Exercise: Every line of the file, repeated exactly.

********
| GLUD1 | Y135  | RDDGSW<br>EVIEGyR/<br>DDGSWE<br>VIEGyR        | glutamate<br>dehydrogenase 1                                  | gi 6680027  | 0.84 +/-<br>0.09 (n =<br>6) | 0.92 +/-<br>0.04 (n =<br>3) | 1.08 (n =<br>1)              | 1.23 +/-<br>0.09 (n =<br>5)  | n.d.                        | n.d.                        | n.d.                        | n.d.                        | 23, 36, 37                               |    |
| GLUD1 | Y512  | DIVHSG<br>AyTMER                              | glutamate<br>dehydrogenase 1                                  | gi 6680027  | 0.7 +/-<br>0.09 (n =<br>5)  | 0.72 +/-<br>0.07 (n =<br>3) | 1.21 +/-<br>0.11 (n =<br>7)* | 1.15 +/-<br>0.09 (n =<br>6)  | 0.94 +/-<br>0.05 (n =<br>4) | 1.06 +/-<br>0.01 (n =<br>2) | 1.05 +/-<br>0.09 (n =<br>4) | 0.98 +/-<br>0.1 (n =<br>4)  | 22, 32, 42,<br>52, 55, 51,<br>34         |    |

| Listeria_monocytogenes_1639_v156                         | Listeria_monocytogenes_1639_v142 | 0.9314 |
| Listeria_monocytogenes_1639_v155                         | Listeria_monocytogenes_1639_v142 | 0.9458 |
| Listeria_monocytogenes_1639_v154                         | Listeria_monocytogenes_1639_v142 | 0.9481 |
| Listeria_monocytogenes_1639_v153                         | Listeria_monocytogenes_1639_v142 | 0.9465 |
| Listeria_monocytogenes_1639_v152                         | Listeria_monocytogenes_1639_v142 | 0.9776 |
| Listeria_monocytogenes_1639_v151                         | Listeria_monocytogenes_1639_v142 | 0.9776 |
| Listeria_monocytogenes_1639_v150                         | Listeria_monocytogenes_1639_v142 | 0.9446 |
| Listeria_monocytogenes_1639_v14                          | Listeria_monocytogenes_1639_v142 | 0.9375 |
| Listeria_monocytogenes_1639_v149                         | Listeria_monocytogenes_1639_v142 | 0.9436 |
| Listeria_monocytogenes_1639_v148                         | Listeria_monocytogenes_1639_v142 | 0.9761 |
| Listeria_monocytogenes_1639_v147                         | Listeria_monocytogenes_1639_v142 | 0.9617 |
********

| GLUD1 | Y135  | RDDGSW<br>EVIEGyR/<br>DDGSWE<br>VIEGyR        | glutamate<br>dehydrogenase 1                                  | gi 6680027  | 0.84 +/-<br>0.09 (n =<br>6) | 0.92 +/-<br>0.04 (n =<br>3) | 1.08 (n =<br>1)              | 1.23 +/-<br>0.09 (n =<br>5)  | n.d.                        | n.d.                        | n.d.                        | n.d.                        | 23, 36, 37                               |    |
| GLUD1 | Y512  | DIVHSG<br>AyTMER                              | glutamate<br>dehydrogenase 1                                  | gi 6680027  | 0.7 +/-<br>0.09 (n =<br>5)  | 0.72 +/-<br>0.07 (n =<br>3) | 1.21 +/-<br>0.11 (n =<br>7)* | 1.15 +/-<br>0.09 (n =<br>6)  | 0.94 +/-<br>0.05 (n =<br>4) | 1.06 +/-<br>0.01 (n =<br>2) | 1.05 +/-<br>0.09 (n =<br>4) | 0.98 +/-<br>0.1 (n =<br>4)  | 22, 32, 42,<br>52, 55, 51,<br>34         |    |

| Listeria_monocytogenes_1639_v156                         | Listeria_monocytogenes_1639_v142 | 0.9314 |
| Listeria_monocytogenes_1639_v155                         | Listeria_monocytogenes_1639_v142 | 0.9458 |
| Listeria_monocytogenes_1639_v154                         | Listeria_monocytogenes_1639_v142 | 0.9481 |
| Listeria_monocytogenes_1639_v153                         | Listeria_monocytogenes_1639_v142 | 0.9465 |
| Listeria_monocytogenes_1639_v152                         | Listeria_monocytogenes_1639_v142 | 0.9776 |
| Listeria_monocytogenes_1639_v151                         | Listeria_monocytogenes_1639_v142 | 0.9776 |
| Listeria_monocytogenes_1639_v150                         | Listeria_monocytogenes_1639_v142 | 0.9446 |
| Listeria_monocytogenes_1639_v14                          | Listeria_monocytogenes_1639_v142 | 0.9375 |
| Listeria_monocytogenes_1639_v149                         | Listeria_monocytogenes_1639_v142 | 0.9436 |
| Listeria_monocytogenes_1639_v148                         | Listeria_monocytogenes_1639_v142 | 0.9761 |
| Listeria_monocytogenes_1639_v147                         | Listeria_monocytogenes_1639_v142 | 0.9617 |